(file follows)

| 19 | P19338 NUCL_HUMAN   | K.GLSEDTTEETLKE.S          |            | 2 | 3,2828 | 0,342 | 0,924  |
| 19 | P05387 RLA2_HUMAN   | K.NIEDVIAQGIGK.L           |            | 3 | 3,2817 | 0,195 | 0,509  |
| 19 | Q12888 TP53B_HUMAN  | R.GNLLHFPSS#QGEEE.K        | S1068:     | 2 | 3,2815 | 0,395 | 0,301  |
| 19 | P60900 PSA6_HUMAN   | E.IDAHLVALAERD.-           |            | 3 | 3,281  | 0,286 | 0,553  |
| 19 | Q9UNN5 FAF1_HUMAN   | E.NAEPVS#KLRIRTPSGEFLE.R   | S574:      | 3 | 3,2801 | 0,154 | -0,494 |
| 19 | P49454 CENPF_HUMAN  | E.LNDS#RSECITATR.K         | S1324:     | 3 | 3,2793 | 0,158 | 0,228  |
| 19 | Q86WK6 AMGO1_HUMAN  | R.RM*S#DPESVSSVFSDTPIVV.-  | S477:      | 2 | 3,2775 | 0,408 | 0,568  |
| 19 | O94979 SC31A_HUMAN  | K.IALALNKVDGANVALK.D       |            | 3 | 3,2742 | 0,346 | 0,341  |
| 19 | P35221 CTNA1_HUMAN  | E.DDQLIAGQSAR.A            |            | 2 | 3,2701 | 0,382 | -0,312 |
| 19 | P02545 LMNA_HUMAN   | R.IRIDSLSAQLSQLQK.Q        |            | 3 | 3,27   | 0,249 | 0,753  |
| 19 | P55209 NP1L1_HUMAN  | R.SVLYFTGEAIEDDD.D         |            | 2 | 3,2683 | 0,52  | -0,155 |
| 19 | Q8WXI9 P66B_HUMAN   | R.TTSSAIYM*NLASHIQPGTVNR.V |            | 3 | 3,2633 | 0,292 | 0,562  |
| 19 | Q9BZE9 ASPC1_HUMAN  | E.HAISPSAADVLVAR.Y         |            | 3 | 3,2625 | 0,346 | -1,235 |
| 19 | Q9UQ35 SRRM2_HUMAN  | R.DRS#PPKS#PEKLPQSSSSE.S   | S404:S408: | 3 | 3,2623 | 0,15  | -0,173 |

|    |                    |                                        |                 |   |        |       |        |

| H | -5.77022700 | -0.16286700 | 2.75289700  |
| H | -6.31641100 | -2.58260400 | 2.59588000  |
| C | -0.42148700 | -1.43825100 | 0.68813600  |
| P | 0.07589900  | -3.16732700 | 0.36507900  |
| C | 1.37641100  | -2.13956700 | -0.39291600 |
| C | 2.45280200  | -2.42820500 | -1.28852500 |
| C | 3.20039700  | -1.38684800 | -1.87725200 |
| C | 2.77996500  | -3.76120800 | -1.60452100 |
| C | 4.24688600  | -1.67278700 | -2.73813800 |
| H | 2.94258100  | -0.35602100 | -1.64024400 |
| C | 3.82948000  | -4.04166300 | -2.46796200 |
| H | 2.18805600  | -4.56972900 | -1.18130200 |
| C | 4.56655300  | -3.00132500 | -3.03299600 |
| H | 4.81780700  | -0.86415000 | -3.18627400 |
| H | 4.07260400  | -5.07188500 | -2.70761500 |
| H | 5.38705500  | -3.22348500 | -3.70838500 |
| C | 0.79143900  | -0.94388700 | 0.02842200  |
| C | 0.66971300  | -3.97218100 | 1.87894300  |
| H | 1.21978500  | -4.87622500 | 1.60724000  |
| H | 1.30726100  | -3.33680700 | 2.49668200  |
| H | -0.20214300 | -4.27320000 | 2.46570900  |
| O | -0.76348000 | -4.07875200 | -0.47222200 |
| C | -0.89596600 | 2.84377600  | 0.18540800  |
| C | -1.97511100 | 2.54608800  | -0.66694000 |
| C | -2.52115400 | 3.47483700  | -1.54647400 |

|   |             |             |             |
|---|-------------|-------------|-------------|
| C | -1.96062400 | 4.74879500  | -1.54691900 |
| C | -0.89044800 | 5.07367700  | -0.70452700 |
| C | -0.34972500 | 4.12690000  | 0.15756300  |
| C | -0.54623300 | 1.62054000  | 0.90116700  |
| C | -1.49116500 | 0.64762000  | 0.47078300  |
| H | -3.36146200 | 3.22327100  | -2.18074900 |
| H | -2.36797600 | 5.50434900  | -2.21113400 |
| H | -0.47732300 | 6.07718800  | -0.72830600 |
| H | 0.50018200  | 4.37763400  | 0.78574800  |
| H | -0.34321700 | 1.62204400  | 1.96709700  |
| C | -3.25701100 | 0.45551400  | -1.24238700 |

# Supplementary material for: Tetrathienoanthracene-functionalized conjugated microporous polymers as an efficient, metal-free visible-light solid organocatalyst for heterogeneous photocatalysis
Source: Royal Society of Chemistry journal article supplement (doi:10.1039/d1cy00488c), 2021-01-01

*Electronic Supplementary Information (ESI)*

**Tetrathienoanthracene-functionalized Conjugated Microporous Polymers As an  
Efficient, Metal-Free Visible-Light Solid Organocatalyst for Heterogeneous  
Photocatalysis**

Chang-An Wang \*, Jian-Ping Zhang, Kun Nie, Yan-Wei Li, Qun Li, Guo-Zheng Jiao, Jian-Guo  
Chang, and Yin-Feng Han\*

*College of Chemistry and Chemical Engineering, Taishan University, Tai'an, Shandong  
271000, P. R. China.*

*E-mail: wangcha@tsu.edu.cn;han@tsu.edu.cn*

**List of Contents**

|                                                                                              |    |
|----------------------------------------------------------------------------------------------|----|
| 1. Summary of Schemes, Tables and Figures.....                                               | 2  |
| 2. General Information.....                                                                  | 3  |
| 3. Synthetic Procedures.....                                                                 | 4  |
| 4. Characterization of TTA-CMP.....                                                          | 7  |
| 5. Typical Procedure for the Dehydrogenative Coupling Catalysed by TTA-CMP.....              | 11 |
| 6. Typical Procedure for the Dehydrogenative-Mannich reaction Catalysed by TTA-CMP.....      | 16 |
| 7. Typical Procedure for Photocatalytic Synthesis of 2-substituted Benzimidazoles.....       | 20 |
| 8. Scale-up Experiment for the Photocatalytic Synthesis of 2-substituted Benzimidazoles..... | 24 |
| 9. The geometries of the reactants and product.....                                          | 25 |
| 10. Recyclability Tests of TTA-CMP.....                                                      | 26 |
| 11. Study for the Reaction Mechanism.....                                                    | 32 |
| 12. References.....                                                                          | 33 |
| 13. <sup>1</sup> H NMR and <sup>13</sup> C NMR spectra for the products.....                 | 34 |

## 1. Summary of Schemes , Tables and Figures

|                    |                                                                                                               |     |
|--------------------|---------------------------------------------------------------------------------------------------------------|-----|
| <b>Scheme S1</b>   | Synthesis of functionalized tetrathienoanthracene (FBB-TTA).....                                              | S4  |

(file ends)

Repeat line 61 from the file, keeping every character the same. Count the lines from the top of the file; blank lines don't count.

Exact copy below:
Chang, and Yin-Feng Han\*